Six-year-old Tebogo Tsotetsi’s feet barely reached the floor when seated, but in his hands were books that children nearly double his age couldn’t read.
It didn’t take the dedicated librarians from the Imperial and Ukhamba Community Development Trust long to work out that the six-year-old learner from Finetown in Johannesburg had a special gift.
His teacher was asked if he was getting the attention he deserved; her response prompted the trust to move him to a school where he wouldn’t get lost in the system.
Tebogo is now in Grade 2 at Lenasia Muslim School; thriving and scoring top marks in all areas. He is one of at least five township learners – one of them a spelling bee champion – identified so far by the trust to be moved to independent schools, with the backing of private benefactors.
It didn’t take the librarians long to work out Tebogo had a special gift
What started in 2003 as an initiative by Imperial Holdings to improve maths and science outcomes at schools has developed into a R60 million-plus educational project that has seen the establishment of 29 school libraries, primarily in under-privileged communities south of Johannesburg.
Tebogo’s mother, Loretta, is very grateful: “Tebogo loves his school and is getting full marks in all his subjects. He is allowed to realise his potential. But it’s not just about the marks. The school worries about the ‘small’ stuff – his homework, extra reading for enrichment, that sort of thing.”
Teacher Amina Rajan is very happy with Tebogo’s adjustment and progress. “He’s really intelligent. He has a number of very good friends. But at his young age he still has a bit of maturing to do.”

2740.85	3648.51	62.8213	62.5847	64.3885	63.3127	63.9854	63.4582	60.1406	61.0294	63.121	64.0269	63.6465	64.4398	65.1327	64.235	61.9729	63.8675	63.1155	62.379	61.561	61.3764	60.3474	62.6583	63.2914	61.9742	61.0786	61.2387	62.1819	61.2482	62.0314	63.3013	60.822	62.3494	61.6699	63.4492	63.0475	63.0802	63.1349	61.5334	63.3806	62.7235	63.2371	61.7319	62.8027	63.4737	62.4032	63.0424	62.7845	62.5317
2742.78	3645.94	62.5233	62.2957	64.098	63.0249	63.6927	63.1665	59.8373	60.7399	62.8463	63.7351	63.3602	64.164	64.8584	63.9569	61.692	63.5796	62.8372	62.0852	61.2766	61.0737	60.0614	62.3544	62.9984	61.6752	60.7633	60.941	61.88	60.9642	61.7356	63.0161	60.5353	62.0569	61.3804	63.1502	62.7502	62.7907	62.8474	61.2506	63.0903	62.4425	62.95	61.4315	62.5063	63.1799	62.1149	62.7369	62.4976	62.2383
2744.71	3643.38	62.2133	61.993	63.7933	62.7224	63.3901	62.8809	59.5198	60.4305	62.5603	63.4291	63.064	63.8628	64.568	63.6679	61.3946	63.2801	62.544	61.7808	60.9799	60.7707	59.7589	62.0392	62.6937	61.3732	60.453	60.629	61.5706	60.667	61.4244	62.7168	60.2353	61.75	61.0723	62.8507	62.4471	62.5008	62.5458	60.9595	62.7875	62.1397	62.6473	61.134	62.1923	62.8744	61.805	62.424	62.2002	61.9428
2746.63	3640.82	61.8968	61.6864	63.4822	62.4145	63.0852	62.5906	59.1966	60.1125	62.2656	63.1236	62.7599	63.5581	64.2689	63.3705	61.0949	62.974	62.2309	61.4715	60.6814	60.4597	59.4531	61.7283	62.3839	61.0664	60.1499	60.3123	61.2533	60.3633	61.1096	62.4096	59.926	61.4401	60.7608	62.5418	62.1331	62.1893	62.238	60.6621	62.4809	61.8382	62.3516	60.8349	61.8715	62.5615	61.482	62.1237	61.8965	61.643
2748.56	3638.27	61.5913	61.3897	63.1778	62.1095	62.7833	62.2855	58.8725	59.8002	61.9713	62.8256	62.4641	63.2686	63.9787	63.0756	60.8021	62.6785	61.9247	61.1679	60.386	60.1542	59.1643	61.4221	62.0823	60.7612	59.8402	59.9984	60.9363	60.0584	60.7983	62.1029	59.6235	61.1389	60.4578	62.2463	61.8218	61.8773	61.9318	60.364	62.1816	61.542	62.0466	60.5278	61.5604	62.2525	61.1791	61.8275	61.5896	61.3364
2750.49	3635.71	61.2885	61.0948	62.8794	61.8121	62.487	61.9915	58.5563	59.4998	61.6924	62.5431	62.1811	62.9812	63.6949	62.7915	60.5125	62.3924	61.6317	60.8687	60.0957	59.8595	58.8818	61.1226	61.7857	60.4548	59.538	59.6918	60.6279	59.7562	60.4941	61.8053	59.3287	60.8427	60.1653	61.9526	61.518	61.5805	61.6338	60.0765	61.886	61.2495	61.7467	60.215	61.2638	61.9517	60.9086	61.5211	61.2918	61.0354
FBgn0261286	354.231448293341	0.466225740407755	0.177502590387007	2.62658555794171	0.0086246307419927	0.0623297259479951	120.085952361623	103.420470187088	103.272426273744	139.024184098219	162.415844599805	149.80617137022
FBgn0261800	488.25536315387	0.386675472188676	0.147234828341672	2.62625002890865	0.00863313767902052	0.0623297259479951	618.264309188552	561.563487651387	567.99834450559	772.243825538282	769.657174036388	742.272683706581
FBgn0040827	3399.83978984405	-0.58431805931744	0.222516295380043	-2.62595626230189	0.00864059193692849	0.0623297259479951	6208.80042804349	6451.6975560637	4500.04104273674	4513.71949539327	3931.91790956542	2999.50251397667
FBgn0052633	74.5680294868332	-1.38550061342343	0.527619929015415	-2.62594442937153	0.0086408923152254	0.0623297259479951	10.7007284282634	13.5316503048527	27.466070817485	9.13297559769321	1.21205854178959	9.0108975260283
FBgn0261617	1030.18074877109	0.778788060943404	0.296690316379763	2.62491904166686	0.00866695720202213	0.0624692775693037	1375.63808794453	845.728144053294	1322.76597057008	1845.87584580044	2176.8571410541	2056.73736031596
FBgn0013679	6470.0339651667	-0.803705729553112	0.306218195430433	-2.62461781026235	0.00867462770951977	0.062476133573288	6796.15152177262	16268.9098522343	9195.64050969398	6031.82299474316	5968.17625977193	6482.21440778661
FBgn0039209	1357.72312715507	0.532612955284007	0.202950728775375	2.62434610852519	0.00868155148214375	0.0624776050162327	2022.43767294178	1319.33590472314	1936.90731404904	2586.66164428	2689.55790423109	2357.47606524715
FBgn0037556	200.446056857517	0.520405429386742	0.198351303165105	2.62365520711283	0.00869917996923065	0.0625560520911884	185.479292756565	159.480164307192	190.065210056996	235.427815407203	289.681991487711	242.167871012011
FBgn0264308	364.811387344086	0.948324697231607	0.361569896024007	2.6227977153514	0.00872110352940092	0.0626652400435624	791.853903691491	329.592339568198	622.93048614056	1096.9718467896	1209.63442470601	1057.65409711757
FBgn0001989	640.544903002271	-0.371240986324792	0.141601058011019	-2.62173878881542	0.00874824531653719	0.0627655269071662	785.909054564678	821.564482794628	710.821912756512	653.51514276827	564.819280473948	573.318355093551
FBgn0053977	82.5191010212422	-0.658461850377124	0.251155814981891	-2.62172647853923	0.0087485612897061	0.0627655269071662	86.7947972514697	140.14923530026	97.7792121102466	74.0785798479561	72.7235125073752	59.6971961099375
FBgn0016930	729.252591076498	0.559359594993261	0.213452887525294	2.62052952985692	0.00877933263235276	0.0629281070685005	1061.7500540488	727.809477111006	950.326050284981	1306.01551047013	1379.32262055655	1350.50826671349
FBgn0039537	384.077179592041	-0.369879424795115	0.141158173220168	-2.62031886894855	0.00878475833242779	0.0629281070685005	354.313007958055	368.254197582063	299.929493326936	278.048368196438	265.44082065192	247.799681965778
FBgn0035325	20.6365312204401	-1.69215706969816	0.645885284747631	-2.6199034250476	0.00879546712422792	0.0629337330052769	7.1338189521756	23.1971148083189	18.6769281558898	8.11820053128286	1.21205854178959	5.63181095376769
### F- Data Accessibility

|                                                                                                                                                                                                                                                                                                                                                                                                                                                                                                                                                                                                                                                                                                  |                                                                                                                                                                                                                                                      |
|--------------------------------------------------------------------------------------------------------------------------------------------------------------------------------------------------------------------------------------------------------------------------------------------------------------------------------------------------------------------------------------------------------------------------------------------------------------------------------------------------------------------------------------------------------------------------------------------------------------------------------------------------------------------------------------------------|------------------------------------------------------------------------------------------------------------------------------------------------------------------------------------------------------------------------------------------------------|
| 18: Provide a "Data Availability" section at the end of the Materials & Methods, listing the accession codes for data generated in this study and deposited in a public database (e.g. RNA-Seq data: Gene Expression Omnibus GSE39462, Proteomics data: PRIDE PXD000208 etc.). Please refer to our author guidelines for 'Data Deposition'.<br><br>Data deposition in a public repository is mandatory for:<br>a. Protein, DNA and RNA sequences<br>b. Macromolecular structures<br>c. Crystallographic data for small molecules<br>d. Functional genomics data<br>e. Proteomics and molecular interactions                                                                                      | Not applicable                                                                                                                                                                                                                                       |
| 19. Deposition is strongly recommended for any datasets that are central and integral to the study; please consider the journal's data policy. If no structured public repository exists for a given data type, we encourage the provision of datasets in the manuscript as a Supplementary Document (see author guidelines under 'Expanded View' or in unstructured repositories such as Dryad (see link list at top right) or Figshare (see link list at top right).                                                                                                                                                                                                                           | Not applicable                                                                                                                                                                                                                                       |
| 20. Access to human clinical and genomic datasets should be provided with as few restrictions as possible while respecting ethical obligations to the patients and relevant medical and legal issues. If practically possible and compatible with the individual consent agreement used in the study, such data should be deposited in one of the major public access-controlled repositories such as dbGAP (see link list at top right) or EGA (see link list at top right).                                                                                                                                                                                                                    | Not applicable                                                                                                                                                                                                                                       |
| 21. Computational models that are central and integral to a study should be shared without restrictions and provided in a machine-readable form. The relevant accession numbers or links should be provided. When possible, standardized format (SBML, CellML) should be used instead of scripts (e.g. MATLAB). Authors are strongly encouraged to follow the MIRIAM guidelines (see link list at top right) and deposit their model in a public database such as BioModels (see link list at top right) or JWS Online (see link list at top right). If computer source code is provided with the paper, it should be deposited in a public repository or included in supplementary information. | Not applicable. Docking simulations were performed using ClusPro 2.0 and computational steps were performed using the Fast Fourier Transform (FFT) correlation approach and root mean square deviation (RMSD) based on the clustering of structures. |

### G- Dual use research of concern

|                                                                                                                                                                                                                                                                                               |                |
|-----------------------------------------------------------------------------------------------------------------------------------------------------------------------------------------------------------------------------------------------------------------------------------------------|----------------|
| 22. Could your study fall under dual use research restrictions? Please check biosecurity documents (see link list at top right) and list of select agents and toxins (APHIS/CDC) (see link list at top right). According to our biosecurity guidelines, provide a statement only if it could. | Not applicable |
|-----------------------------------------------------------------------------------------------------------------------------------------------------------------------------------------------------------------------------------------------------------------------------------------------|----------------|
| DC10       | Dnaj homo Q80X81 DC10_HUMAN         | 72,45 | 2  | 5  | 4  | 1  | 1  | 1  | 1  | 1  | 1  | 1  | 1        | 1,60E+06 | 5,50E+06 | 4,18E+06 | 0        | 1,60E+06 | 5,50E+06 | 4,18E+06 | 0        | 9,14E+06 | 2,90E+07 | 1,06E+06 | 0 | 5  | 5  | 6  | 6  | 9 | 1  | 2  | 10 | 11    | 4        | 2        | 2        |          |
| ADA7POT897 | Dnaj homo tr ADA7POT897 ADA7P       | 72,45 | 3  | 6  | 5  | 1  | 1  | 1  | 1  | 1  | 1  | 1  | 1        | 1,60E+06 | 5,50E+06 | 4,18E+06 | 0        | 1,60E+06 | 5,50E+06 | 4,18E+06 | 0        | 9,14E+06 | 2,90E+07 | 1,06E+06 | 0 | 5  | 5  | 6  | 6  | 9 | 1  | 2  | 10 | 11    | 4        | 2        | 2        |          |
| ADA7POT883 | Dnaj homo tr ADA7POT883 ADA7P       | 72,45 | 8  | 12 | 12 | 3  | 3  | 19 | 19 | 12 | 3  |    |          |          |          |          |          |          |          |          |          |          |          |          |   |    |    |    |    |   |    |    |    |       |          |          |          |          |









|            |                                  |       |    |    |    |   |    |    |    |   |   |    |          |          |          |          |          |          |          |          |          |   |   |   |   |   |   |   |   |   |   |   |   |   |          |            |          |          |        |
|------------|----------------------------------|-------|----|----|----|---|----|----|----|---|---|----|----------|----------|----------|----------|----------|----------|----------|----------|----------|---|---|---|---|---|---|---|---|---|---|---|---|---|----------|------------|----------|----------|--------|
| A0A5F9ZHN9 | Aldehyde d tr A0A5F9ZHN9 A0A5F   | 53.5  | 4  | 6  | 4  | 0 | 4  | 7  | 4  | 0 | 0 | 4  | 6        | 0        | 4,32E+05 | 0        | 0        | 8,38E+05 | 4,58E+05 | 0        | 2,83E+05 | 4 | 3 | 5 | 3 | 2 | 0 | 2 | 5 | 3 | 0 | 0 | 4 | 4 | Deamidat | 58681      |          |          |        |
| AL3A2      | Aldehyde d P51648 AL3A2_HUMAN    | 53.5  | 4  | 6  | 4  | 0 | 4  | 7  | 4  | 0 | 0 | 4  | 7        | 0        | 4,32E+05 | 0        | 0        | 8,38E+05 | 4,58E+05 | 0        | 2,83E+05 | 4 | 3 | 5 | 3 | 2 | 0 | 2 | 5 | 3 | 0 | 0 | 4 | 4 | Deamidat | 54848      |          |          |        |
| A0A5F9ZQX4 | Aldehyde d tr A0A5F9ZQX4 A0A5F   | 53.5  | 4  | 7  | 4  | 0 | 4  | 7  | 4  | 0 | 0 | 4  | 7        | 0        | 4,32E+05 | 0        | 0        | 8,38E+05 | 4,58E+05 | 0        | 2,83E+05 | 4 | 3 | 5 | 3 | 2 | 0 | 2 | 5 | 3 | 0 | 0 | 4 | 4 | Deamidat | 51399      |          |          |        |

“The school worries about the ‘small’ stuff – his homework, extra reading for enrichment, that sort of thing.”
When asked if he still reads ‘big’ books, Tebogo proudly brings out two books from the corner library – The Last of the Mohicans and The Adventures of Huckleberry Finn.
The Imperial libraries are open daily until 4pm, as well as on three Saturdays of every month. Each child from Grade 1 to 3 must attend two compulsory reading periods every week.
The project sponsors book clubs, book quizzes and spelling competitions. It has also developed a board game that assists learners to read an atlas.
Reading levels, tested every two years, show that the compulsory reading programmes and related activities are contributing to better than average reading, comprehension and numeracy scores. In the past, township schools failed to reach the reading levels achieved by suburban schools. However, in the competitions held by the trust today, four awards out of five go to township schools.
Each child from Grade 1 to 3 must attend two compulsory reading periods every week
The trust, which works together with the department, invests in the buying of books and the renovations required to convert the premises into a library. Funds from corporates are used to support other activities such as prizes for the reading competitions and upgrades to Grade R classrooms.
The broader spin-offs of the project are the jobs it creates.
Says executive manager of trust, Shayda Arbee: “Our library assistants are sourced from the local communities and are unemployed people who have completed matric. We provide them with in-house training.”
Other jobs created by the project include the covering of the library books by university students, a service provider that does all the signage for the libraries and the builder that undertakes the library renovations and who now owns a car and employs workers to assist him.
By the end of 2017, the trust aims to have reached 35 000 learners and employed 79 people.
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